Lead Based Paint
The use of lead based paint products before the 1960’s up until the 1990’s came with many health hazards and risks such as breathing problems, asthma and even lung cancer. Health and Welfare Canada warn that children are especially vulnerable to lead poisoning from paint. When exposed to it for long periods of time, it can cause damage to the brain, nervous system and kidneys. Inhalation, ingestion and extreme exposure can cause blindness and even death.
Knowing how to find it, how to test for it and how to remove it is important and useful information to ensure you are protected against all hazards of lead based paints.
Water based paints also known as latex paints were formulated in and around the 1970’s. Lead based paints are paints that contain lead. Lead was added to paint as an accelerator for reducing dry times.
Nearly all homes built prior to 1950 and about 75% of the homes built before 1978, contain lead based paint. Lead paints were produced for the belief of them being able to last longer, resist corrosion and the paint colour would maintain its fresh appearance better and for longer period of time.
Paint manufacturers used to add lead compounds to the paint as a pigment which created a specific colour dependent on which compound was used.
This heavy metal known as lead when added to paint helped to decrease the amount of time the paint took to dry.
Many older homes in Ottawa neighborhoods such as the glebe, centretown and in fact across Canada that were built before the the 1950’s up until the late 1970’s were painted with paint products that contained lead as it was most durable, providing longer wear and colour vibrancy.
It was also believed to be a more moisture resistant paint. The difference between water based paints and solvent based paints is that with technology today, paint companies have developed formulas to manufacture paint products that are not only environmentally safe but safe to be around and work with, that have the equal durability, vibrancy in colours and last for years.
We may all wonder and ask why was lead based paint ever even used. One of the biggest reasons is probably that they did not know better. It was the only product believed to be the most durable and strongest to provide years of coverage without having to repaint often.
It was becoming evident once more and more people were becoming ill with ailments such as asthma, breathing difficulties and some even diagnosed with lung cancer, brain damage, nervous system problems and kidney damage due to prolonged exposure to lead that changes began to happen.
Painters who used the lead based paints daily for house painting were put at risk of developing serious health issues. Painting for 8 hours or more each day was exposing them to toxic chemicals that made them ill with nausea, suffered severe and frequent headaches and constant overall feeling of unwellness.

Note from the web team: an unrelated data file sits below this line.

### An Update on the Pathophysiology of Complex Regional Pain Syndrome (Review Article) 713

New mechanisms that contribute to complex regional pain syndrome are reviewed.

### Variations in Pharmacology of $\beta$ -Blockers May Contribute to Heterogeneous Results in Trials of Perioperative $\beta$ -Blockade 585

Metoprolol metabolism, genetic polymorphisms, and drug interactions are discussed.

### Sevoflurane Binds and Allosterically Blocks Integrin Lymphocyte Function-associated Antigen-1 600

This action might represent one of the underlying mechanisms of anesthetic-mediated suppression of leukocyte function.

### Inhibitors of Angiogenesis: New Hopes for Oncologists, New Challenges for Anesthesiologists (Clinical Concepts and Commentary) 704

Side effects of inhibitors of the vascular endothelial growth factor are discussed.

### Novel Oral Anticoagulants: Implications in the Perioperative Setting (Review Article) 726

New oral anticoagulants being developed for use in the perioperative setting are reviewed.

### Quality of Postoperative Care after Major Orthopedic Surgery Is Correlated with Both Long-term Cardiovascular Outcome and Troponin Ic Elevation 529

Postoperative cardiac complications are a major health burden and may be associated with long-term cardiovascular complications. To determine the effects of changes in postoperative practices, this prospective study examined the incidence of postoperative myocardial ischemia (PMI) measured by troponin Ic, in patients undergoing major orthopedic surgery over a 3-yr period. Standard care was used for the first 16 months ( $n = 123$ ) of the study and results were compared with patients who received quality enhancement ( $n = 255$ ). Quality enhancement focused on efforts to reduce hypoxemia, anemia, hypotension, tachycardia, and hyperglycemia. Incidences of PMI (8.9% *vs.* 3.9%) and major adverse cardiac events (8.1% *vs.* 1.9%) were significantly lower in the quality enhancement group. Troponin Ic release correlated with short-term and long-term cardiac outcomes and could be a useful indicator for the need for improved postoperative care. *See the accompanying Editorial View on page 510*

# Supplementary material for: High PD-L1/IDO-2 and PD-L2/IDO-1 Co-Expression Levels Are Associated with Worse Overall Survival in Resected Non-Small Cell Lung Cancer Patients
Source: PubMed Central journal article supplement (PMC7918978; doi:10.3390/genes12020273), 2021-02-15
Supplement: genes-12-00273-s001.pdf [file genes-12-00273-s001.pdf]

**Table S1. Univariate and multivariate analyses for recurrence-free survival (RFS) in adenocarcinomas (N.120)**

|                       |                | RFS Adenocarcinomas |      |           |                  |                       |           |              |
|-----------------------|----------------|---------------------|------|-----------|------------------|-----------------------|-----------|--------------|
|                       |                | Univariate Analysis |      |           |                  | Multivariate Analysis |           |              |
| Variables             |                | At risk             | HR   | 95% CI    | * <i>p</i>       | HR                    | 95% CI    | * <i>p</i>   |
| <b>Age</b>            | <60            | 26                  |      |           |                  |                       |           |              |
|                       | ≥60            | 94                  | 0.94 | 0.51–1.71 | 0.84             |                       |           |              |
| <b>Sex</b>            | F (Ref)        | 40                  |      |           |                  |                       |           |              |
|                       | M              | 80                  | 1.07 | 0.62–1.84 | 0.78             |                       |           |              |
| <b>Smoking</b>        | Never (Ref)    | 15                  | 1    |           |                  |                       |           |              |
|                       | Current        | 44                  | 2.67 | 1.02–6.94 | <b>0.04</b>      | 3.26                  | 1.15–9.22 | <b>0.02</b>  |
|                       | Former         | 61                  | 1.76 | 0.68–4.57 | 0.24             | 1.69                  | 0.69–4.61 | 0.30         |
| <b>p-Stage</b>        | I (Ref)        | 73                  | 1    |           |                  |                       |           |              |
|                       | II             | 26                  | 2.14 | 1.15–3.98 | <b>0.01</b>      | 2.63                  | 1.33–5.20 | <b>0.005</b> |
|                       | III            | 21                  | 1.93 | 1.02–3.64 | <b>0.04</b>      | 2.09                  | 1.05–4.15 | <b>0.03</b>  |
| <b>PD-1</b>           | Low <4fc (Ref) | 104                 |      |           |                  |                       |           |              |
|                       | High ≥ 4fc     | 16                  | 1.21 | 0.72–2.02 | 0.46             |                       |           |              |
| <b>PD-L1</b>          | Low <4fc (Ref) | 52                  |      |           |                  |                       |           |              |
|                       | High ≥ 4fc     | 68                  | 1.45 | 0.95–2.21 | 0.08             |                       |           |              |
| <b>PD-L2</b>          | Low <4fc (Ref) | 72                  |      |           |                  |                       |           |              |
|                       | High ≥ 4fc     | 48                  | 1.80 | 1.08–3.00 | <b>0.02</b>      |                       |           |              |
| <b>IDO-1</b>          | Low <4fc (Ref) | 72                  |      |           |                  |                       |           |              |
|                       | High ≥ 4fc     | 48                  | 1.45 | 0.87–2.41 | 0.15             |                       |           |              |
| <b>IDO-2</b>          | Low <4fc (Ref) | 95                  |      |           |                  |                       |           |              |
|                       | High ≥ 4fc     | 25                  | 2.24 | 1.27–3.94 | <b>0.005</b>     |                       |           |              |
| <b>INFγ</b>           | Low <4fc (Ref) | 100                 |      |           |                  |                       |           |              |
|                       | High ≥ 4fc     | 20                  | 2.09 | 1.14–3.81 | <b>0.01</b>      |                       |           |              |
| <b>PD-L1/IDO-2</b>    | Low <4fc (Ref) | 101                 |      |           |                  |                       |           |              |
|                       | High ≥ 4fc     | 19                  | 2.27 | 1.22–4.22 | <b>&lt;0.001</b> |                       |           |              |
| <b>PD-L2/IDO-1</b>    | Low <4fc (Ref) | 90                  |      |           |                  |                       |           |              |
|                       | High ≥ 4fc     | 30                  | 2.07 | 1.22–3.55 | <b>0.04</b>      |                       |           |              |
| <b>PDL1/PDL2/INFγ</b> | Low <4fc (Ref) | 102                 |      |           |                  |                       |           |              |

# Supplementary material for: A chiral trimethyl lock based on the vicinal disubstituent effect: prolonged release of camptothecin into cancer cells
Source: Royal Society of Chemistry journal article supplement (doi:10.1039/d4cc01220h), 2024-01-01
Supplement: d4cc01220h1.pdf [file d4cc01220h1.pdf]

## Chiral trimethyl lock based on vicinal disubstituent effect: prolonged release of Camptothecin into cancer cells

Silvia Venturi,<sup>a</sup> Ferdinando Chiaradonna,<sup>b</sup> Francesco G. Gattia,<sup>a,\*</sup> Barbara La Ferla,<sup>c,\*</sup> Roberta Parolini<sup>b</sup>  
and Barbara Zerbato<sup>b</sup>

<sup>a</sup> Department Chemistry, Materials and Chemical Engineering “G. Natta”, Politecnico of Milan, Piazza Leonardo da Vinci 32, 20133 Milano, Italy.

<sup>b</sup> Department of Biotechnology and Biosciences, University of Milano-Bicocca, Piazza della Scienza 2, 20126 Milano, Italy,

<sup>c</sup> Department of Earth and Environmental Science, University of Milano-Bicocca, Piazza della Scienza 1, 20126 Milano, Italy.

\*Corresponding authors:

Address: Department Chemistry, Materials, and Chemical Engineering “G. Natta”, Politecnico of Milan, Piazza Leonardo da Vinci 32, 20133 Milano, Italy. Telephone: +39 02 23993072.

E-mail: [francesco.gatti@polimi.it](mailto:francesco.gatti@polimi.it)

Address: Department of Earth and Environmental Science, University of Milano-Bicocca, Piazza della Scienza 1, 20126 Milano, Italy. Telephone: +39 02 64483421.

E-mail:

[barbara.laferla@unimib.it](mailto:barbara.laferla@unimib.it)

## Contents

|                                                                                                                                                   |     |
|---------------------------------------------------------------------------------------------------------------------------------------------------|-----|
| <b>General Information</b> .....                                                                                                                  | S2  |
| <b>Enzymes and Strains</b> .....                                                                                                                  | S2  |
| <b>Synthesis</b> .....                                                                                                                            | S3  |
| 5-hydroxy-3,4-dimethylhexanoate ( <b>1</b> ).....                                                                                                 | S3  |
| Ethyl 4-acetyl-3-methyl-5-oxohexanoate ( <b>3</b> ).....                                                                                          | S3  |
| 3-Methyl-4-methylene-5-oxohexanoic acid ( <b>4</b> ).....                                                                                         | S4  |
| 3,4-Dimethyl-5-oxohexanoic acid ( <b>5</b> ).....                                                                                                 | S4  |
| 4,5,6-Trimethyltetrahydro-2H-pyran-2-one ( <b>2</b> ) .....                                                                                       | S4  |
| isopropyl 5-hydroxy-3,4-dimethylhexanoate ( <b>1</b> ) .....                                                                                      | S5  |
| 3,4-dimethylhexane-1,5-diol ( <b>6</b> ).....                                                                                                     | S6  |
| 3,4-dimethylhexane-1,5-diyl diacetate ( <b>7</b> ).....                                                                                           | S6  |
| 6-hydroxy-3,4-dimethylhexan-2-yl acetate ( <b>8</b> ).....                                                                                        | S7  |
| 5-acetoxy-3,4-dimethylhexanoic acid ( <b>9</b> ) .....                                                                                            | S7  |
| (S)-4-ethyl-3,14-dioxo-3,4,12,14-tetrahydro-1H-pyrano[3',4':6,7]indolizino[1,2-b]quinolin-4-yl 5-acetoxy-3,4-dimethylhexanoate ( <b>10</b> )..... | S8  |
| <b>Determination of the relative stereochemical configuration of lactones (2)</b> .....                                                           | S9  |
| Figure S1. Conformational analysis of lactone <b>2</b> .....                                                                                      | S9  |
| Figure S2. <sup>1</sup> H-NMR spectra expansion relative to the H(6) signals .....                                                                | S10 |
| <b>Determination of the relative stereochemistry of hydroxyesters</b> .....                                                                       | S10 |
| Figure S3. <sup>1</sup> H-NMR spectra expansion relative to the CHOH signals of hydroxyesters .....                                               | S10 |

Not many wore masks in those to protect them from breathing in the dangerous fumes, but they did not know any better. They did not know that these fumes and odours were the toxic chemicals being released into the air they were breathing and that eventually would cause them lung cancer, brain damage and other health problems.
The Risks of Lead Based Paint
Lead poisoning and exposure to lead in a home poses the greatest risks of poisoning to children as they are the most vulnerable while they are still growing and developing and can easily be damaged by these chemicals.
If you have little ones and are living in an older home where the risk potential can be you can have the children tested for lead poisoning as early as 6 months of age and repeat it at 12 and 24 months of age. Lead poisoning can cause low IQ, attention problems, slower developmental and learning disabilities or anaemia which is a deficiency of the red blood cells.
Unborn children are at risk if their expecting mother consumes or is exposed to lead. Small amounts that may even be in the dust particles in our homes are dangerous to infants and children.
From the paint used on the walls, windows, doors, & ceilings all can put you and your family at risk for serious health problems. Removal of lead based paint without proper protection causes a bigger risk to both children and adults. Airborne particles, dust or chipped, peeling paint all can be causes of lead poisoning. These issues are usually related to homeowners doing home renovations.
If the paint is not cracked, peeled, broken or chipped and if no drywall is broken down in the renovations in other words as long as the paint is not disturbed in any way then it poses less of a danger. Only once it has been disturbed broken, chipped in most cases in the renovation process that it then becomes the bigger danger. The biggest risk that lead poisoning poses is for children who tend to absorb it more as they grow.